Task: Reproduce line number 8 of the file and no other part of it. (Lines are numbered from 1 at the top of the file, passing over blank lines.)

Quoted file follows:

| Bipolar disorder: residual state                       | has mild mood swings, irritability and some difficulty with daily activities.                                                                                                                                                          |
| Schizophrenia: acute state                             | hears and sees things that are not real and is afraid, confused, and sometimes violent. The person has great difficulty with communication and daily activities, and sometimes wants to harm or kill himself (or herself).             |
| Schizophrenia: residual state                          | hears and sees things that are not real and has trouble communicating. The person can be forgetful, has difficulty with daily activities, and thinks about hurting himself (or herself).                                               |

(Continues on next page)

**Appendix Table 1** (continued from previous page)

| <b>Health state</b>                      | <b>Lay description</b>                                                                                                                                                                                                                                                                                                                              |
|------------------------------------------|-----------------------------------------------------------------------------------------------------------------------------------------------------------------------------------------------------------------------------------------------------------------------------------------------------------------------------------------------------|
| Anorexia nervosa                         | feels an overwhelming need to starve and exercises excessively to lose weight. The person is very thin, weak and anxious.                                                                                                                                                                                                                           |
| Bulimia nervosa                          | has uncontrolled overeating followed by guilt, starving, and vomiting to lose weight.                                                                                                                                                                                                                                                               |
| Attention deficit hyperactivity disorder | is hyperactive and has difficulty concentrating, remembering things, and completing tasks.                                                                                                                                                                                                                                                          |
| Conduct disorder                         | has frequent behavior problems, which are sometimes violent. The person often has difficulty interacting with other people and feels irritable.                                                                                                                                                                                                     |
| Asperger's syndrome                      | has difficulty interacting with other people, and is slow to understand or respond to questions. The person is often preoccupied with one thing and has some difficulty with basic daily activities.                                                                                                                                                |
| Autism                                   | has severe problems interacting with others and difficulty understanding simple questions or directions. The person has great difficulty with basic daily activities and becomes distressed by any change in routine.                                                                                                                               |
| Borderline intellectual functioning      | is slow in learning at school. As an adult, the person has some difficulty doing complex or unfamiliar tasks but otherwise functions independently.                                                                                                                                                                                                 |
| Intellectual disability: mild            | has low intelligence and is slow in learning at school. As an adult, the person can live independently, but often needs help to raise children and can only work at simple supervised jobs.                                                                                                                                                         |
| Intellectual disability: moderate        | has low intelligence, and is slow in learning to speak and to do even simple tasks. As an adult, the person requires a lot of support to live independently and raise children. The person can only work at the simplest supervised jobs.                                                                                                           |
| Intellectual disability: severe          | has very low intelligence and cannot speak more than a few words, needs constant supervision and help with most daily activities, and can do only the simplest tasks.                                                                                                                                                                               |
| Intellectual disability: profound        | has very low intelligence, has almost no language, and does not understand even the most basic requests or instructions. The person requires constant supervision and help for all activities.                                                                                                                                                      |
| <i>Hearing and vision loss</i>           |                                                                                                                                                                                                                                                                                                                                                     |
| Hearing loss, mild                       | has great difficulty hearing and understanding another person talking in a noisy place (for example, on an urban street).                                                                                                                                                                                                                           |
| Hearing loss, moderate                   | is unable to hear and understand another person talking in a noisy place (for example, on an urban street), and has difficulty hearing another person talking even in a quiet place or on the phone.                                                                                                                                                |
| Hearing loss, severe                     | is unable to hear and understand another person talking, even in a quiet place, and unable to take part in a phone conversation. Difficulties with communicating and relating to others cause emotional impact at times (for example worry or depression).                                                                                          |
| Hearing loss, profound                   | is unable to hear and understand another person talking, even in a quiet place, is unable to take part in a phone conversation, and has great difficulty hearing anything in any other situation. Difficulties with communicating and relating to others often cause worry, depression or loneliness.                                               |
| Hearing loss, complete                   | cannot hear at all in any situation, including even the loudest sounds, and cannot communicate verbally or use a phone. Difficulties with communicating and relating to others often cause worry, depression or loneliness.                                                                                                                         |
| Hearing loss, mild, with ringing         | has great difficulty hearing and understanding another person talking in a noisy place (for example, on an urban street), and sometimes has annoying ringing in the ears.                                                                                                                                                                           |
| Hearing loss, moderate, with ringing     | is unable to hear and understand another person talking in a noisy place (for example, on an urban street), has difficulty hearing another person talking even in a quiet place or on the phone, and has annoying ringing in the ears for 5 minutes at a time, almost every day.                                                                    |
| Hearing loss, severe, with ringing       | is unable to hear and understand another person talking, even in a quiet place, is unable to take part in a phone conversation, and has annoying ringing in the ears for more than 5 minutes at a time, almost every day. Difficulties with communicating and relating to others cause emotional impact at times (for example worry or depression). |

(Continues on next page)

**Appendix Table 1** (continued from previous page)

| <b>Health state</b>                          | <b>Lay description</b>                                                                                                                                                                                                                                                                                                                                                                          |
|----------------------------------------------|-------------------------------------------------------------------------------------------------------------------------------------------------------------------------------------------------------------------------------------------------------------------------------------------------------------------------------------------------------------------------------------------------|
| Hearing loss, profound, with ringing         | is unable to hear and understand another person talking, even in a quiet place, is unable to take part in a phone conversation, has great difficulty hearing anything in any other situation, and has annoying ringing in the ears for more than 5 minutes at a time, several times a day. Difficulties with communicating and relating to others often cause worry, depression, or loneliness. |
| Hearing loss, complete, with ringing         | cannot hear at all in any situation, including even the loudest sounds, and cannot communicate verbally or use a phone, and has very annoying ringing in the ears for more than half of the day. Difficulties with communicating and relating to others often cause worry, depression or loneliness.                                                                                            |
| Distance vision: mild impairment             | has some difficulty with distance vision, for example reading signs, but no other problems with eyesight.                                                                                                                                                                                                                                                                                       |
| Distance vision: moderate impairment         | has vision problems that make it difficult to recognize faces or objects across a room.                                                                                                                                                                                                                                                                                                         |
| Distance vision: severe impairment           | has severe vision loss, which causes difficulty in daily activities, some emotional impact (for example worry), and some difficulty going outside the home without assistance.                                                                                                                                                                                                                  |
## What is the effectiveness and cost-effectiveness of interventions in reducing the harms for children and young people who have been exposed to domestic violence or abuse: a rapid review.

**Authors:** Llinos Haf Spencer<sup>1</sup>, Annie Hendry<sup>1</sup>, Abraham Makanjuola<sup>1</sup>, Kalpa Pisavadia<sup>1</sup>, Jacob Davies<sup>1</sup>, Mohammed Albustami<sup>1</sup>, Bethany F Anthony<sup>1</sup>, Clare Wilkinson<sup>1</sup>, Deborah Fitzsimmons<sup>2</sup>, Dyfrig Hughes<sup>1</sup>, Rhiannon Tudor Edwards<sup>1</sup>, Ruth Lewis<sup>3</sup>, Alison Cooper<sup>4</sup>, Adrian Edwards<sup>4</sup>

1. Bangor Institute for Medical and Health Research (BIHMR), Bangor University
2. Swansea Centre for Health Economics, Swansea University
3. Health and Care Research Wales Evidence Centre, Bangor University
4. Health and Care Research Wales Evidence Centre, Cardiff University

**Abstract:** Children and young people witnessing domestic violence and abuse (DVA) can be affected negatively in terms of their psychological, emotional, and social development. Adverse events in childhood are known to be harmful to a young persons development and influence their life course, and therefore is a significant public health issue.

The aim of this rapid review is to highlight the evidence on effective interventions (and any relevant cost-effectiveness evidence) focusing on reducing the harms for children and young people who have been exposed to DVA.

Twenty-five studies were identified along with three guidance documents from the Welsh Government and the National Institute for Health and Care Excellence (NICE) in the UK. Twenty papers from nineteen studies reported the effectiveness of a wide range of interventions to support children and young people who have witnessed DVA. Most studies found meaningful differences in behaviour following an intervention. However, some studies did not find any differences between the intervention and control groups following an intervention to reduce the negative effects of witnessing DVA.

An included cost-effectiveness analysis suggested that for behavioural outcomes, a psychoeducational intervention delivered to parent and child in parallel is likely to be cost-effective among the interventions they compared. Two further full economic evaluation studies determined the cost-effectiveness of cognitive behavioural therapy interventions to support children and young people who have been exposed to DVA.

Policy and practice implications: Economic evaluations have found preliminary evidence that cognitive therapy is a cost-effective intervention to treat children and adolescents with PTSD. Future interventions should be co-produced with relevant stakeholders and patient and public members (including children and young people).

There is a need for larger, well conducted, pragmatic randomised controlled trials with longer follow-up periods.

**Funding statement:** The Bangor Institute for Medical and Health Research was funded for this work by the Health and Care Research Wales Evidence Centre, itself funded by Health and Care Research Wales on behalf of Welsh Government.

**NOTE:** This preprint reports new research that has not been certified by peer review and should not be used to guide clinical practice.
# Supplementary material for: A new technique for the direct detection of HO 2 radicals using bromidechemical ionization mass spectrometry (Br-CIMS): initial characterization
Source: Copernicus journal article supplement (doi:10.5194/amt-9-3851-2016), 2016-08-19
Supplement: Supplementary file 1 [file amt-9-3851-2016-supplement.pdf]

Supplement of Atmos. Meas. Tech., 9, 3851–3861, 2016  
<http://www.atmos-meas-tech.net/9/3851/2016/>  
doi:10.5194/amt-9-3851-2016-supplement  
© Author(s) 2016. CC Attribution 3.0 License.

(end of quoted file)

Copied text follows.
| Anorexia nervosa                         | feels an overwhelming need to starve and exercises excessively to lose weight. The person is very thin, weak and anxious.                                                                                                                                                                                                                           |